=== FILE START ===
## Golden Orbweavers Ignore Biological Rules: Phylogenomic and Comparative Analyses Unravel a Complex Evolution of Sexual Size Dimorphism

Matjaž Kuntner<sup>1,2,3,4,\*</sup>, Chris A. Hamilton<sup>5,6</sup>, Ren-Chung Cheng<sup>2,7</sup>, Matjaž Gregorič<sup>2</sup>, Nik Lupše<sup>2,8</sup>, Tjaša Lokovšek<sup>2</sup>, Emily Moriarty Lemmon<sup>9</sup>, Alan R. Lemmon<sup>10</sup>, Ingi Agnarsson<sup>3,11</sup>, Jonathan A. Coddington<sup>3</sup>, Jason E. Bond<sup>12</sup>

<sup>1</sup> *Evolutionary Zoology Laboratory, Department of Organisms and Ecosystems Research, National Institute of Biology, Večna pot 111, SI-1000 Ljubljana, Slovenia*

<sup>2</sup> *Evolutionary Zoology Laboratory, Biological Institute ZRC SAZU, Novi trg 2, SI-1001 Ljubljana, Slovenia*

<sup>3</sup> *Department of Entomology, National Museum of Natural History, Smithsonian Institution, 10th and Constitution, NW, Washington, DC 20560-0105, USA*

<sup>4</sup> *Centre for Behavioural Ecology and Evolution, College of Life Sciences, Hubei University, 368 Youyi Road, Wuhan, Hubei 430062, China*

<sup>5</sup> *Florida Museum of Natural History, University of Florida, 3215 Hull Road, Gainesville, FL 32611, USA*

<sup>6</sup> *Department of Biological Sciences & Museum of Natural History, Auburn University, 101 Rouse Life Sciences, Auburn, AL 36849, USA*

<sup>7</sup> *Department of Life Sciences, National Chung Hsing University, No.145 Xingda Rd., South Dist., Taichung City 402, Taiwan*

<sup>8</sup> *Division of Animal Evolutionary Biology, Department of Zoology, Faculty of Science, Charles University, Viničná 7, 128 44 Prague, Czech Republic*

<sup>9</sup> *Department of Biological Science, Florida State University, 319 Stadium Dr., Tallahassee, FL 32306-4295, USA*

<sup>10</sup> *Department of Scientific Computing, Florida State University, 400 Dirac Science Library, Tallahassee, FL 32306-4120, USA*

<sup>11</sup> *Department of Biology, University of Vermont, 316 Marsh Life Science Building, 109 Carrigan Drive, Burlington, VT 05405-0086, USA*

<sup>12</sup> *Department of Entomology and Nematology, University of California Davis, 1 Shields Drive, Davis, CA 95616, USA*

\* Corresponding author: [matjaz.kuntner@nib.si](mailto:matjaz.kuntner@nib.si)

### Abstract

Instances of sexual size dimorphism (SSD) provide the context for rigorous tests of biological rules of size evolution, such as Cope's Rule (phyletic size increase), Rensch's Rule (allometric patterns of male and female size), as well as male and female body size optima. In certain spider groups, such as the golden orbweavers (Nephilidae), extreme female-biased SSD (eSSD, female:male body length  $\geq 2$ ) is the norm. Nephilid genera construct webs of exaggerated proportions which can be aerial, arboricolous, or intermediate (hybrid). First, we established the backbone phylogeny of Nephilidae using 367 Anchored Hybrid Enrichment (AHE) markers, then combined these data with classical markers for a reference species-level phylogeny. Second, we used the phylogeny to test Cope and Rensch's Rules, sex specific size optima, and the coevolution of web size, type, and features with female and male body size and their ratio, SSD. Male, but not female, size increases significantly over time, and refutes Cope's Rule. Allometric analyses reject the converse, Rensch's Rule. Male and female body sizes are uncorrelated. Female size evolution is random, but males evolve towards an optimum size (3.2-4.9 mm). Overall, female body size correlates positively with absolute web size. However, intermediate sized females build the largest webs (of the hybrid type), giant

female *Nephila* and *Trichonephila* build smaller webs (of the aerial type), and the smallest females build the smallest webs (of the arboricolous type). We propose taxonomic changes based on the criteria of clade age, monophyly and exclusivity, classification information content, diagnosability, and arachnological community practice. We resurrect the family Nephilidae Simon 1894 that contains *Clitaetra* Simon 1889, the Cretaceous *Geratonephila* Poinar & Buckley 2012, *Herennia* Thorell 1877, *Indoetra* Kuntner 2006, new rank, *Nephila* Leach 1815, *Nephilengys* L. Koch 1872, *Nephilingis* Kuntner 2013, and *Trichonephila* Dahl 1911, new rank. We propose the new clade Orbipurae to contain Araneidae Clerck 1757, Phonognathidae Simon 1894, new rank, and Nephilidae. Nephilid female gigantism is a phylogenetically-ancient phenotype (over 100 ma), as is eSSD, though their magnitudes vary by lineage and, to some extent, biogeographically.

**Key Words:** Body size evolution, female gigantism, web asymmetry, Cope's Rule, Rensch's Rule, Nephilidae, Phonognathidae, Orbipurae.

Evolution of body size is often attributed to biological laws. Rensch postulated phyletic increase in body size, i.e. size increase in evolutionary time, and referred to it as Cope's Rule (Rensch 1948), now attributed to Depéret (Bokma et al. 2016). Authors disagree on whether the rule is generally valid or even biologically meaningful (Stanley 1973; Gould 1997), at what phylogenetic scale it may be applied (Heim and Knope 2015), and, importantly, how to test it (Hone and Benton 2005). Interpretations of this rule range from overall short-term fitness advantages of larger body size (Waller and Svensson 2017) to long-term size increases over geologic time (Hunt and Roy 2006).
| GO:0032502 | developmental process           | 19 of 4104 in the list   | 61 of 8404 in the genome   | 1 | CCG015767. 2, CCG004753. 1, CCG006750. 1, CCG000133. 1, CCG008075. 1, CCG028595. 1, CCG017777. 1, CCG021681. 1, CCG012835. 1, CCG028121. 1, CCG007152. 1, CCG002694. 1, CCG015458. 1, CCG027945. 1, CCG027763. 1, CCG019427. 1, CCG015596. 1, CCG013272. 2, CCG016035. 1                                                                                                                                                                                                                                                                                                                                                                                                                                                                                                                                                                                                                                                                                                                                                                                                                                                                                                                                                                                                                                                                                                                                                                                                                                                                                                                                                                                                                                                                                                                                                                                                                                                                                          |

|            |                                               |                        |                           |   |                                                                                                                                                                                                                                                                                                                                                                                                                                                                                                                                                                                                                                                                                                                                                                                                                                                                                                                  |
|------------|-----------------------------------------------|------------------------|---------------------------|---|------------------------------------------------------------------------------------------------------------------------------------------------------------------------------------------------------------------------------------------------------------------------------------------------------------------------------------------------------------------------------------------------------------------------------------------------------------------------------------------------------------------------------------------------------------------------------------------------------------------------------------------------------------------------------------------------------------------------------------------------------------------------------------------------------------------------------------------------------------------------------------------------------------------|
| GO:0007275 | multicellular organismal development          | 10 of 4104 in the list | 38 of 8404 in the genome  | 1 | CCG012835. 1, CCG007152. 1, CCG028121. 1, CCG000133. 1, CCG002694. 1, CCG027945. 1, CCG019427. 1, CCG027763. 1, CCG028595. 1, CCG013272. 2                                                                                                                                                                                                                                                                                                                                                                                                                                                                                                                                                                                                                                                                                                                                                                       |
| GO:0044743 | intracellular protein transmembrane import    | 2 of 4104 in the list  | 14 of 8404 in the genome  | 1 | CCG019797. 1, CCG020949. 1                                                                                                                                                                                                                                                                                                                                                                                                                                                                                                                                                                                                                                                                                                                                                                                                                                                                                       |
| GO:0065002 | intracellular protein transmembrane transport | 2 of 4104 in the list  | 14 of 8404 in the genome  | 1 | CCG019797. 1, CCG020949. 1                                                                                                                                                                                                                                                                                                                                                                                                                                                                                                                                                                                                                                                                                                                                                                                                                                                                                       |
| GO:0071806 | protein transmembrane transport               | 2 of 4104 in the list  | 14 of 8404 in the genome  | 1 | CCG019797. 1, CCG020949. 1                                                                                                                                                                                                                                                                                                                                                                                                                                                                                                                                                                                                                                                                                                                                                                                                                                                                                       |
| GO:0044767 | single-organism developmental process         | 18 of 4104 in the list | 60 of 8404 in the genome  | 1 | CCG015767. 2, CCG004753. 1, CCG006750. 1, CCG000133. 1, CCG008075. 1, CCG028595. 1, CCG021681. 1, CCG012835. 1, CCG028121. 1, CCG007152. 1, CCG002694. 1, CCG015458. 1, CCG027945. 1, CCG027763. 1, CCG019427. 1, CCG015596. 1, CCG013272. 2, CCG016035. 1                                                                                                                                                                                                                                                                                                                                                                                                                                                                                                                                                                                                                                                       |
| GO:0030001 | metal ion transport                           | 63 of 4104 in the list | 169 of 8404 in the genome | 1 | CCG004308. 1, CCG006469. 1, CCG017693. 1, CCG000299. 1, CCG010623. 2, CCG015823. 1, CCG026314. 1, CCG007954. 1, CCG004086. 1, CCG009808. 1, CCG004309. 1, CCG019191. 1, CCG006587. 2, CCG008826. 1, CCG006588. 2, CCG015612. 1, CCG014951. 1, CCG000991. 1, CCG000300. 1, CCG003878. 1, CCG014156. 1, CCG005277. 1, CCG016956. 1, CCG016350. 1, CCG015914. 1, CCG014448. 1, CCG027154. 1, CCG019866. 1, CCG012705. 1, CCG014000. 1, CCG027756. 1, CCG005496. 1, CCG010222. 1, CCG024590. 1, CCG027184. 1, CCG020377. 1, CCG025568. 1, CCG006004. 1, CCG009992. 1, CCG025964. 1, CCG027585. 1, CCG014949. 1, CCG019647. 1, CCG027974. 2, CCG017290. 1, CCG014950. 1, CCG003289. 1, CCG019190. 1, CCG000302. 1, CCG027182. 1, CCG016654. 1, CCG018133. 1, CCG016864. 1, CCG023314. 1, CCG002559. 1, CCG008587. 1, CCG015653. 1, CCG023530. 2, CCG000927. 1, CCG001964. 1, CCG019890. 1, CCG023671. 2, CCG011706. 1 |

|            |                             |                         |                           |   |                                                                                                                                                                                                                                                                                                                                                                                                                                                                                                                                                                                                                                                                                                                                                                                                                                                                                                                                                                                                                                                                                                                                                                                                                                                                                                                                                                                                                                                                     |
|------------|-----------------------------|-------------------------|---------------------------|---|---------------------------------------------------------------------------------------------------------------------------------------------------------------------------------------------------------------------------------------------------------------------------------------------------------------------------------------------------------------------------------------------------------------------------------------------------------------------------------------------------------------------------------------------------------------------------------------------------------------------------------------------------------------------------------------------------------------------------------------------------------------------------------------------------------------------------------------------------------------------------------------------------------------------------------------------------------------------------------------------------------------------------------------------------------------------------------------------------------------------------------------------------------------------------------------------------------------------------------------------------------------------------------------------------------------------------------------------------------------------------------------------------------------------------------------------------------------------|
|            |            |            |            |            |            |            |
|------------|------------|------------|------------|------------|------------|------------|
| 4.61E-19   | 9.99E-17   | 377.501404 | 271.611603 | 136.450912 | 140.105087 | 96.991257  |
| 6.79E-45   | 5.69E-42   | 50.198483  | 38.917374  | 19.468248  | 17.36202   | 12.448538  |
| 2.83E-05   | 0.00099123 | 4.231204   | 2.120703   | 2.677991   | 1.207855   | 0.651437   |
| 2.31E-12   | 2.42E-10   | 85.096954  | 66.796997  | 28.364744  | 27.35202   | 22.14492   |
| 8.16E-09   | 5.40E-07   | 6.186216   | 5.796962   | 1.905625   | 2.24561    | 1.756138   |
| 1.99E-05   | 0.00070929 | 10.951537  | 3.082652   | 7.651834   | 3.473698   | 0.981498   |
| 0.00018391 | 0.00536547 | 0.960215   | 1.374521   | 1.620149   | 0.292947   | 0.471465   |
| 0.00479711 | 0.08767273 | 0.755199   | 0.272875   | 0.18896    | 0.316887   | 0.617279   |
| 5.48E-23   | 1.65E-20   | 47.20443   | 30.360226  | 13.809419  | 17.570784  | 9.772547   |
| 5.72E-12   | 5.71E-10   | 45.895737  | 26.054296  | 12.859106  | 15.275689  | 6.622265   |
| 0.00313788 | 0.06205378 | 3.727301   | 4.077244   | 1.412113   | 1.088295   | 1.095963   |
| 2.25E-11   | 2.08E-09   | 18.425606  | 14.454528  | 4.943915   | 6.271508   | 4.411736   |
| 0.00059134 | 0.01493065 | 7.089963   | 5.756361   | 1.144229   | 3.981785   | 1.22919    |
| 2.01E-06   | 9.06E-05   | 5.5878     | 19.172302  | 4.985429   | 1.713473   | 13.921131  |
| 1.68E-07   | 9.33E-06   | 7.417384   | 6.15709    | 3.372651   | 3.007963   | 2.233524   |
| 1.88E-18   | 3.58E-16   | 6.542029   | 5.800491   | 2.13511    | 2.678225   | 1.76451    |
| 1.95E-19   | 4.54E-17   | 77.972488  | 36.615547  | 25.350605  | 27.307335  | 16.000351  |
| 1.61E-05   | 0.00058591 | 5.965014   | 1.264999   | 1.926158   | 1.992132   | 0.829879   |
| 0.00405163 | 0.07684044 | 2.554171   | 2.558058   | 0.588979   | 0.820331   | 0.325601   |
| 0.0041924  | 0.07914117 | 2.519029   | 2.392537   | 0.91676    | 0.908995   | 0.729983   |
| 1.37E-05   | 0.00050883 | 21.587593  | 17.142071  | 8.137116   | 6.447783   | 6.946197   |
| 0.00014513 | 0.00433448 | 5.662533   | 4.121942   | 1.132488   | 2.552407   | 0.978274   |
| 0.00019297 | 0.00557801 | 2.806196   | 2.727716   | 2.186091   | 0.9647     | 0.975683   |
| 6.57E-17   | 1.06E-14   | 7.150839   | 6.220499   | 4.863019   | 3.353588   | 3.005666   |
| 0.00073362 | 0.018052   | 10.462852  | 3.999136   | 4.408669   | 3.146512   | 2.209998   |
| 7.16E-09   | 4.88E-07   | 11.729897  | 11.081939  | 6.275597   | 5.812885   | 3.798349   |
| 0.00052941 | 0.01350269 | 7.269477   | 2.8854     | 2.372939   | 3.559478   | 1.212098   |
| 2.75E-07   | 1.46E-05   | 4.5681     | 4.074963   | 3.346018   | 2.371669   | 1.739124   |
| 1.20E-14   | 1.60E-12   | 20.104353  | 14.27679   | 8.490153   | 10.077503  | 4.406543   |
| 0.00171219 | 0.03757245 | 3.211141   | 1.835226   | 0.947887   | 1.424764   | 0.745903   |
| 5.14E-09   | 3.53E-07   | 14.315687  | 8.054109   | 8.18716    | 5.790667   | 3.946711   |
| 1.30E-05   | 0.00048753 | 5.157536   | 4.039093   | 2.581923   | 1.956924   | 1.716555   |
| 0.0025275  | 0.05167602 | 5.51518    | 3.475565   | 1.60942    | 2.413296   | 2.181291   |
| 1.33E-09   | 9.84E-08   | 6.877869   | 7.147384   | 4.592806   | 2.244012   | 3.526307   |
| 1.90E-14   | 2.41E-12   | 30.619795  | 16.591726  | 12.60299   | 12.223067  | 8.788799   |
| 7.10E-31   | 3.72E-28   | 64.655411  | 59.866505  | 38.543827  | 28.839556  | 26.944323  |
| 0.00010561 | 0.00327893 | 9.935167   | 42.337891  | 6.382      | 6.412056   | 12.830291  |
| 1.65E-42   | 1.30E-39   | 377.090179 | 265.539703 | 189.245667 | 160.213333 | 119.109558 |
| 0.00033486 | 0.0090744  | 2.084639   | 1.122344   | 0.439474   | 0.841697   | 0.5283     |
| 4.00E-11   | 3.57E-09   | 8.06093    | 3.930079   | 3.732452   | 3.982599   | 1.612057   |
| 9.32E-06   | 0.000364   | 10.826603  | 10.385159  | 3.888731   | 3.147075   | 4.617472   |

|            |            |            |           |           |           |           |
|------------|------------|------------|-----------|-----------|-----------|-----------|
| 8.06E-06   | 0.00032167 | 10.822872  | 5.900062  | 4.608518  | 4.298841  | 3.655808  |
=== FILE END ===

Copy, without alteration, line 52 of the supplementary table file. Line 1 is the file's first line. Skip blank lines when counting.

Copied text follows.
| 0.00405163 | 0.07684044 | 2.554171   | 2.558058   | 0.588979   | 0.820331   | 0.325601   |